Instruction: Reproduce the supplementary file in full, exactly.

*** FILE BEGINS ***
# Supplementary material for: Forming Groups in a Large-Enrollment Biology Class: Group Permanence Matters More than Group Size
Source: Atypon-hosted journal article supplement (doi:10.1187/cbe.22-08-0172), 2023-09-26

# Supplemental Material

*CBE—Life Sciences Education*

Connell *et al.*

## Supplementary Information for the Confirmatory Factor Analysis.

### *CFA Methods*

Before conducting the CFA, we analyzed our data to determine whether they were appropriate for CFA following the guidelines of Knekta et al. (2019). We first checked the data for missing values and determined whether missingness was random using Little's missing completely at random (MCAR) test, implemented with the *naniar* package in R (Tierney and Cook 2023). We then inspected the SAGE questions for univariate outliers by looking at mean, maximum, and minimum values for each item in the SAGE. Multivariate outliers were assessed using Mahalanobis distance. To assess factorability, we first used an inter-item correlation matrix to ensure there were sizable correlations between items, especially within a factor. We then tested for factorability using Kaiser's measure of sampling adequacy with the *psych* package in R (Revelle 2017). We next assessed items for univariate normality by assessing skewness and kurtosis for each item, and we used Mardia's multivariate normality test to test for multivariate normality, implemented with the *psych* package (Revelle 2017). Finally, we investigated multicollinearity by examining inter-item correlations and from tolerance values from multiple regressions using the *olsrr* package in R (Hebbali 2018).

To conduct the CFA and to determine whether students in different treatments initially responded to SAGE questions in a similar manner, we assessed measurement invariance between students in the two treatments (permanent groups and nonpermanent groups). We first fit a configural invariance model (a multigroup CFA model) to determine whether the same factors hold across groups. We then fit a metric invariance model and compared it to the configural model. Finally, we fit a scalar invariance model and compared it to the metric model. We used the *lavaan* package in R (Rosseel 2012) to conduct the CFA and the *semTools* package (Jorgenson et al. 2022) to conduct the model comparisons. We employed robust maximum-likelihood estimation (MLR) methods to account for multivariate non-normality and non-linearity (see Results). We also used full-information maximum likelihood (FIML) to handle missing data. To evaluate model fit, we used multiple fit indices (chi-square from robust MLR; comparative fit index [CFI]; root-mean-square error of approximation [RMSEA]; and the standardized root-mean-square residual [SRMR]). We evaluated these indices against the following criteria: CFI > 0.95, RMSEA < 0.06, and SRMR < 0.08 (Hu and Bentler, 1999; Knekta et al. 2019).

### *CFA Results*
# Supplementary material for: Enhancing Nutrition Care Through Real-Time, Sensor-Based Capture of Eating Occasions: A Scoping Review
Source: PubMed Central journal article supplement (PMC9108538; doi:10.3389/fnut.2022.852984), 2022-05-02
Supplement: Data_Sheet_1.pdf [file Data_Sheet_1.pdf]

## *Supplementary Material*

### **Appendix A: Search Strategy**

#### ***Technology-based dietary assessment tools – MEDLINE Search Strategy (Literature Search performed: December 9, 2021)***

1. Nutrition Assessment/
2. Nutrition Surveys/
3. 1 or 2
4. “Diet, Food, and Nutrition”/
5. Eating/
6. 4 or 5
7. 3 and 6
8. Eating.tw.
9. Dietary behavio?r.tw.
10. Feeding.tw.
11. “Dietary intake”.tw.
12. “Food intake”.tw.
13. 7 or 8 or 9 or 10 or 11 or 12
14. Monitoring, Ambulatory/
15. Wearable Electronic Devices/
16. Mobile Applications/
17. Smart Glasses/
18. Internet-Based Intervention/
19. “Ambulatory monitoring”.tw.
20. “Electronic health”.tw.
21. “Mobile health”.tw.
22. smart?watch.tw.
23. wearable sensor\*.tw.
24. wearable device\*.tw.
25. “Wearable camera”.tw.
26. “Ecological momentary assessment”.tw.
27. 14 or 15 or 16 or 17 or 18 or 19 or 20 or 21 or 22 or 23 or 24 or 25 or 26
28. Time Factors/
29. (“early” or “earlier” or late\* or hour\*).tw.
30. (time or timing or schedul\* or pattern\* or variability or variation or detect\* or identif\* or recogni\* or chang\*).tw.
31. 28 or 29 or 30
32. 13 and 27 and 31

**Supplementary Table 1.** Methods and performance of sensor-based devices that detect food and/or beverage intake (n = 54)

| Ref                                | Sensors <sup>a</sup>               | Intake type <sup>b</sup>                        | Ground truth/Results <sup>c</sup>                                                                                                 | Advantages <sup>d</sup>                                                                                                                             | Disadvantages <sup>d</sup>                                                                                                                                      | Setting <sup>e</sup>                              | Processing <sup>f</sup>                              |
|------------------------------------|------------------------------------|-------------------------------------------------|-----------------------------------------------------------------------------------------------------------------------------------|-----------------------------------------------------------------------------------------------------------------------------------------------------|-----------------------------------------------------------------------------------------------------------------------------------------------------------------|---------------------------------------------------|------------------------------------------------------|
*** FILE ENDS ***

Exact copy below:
# Supplementary material for: Forming Groups in a Large-Enrollment Biology Class: Group Permanence Matters More than Group Size
Source: Atypon-hosted journal article supplement (doi:10.1187/cbe.22-08-0172), 2023-09-26

# Supplemental Material

*CBE—Life Sciences Education*

Connell *et al.*

## Supplementary Information for the Confirmatory Factor Analysis.

### *CFA Methods*

Before conducting the CFA, we analyzed our data to determine whether they were appropriate for CFA following the guidelines of Knekta et al. (2019). We first checked the data for missing values and determined whether missingness was random using Little's missing completely at random (MCAR) test, implemented with the *naniar* package in R (Tierney and Cook 2023). We then inspected the SAGE questions for univariate outliers by looking at mean, maximum, and minimum values for each item in the SAGE. Multivariate outliers were assessed using Mahalanobis distance. To assess factorability, we first used an inter-item correlation matrix to ensure there were sizable correlations between items, especially within a factor. We then tested for factorability using Kaiser's measure of sampling adequacy with the *psych* package in R (Revelle 2017). We next assessed items for univariate normality by assessing skewness and kurtosis for each item, and we used Mardia's multivariate normality test to test for multivariate normality, implemented with the *psych* package (Revelle 2017). Finally, we investigated multicollinearity by examining inter-item correlations and from tolerance values from multiple regressions using the *olsrr* package in R (Hebbali 2018).

To conduct the CFA and to determine whether students in different treatments initially responded to SAGE questions in a similar manner, we assessed measurement invariance between students in the two treatments (permanent groups and nonpermanent groups). We first fit a configural invariance model (a multigroup CFA model) to determine whether the same factors hold across groups. We then fit a metric invariance model and compared it to the configural model. Finally, we fit a scalar invariance model and compared it to the metric model. We used the *lavaan* package in R (Rosseel 2012) to conduct the CFA and the *semTools* package (Jorgenson et al. 2022) to conduct the model comparisons. We employed robust maximum-likelihood estimation (MLR) methods to account for multivariate non-normality and non-linearity (see Results). We also used full-information maximum likelihood (FIML) to handle missing data. To evaluate model fit, we used multiple fit indices (chi-square from robust MLR; comparative fit index [CFI]; root-mean-square error of approximation [RMSEA]; and the standardized root-mean-square residual [SRMR]). We evaluated these indices against the following criteria: CFI > 0.95, RMSEA < 0.06, and SRMR < 0.08 (Hu and Bentler, 1999; Knekta et al. 2019).

### *CFA Results*
# Supplementary material for: Enhancing Nutrition Care Through Real-Time, Sensor-Based Capture of Eating Occasions: A Scoping Review
Source: PubMed Central journal article supplement (PMC9108538; doi:10.3389/fnut.2022.852984), 2022-05-02
Supplement: Data_Sheet_1.pdf [file Data_Sheet_1.pdf]

## *Supplementary Material*

### **Appendix A: Search Strategy**

#### ***Technology-based dietary assessment tools – MEDLINE Search Strategy (Literature Search performed: December 9, 2021)***

1. Nutrition Assessment/
2. Nutrition Surveys/
3. 1 or 2
4. “Diet, Food, and Nutrition”/
5. Eating/
6. 4 or 5
7. 3 and 6
8. Eating.tw.
9. Dietary behavio?r.tw.
10. Feeding.tw.
11. “Dietary intake”.tw.
12. “Food intake”.tw.
13. 7 or 8 or 9 or 10 or 11 or 12
14. Monitoring, Ambulatory/
15. Wearable Electronic Devices/
16. Mobile Applications/
17. Smart Glasses/
18. Internet-Based Intervention/
19. “Ambulatory monitoring”.tw.
20. “Electronic health”.tw.
21. “Mobile health”.tw.
22. smart?watch.tw.
23. wearable sensor\*.tw.
24. wearable device\*.tw.
25. “Wearable camera”.tw.
26. “Ecological momentary assessment”.tw.
27. 14 or 15 or 16 or 17 or 18 or 19 or 20 or 21 or 22 or 23 or 24 or 25 or 26
28. Time Factors/
29. (“early” or “earlier” or late\* or hour\*).tw.
30. (time or timing or schedul\* or pattern\* or variability or variation or detect\* or identif\* or recogni\* or chang\*).tw.
31. 28 or 29 or 30
32. 13 and 27 and 31

**Supplementary Table 1.** Methods and performance of sensor-based devices that detect food and/or beverage intake (n = 54)

| Ref                                | Sensors <sup>a</sup>               | Intake type <sup>b</sup>                        | Ground truth/Results <sup>c</sup>                                                                                                 | Advantages <sup>d</sup>                                                                                                                             | Disadvantages <sup>d</sup>                                                                                                                                      | Setting <sup>e</sup>                              | Processing <sup>f</sup>                              |
|------------------------------------|------------------------------------|-------------------------------------------------|-----------------------------------------------------------------------------------------------------------------------------------|-----------------------------------------------------------------------------------------------------------------------------------------------------|-----------------------------------------------------------------------------------------------------------------------------------------------------------------|---------------------------------------------------|------------------------------------------------------|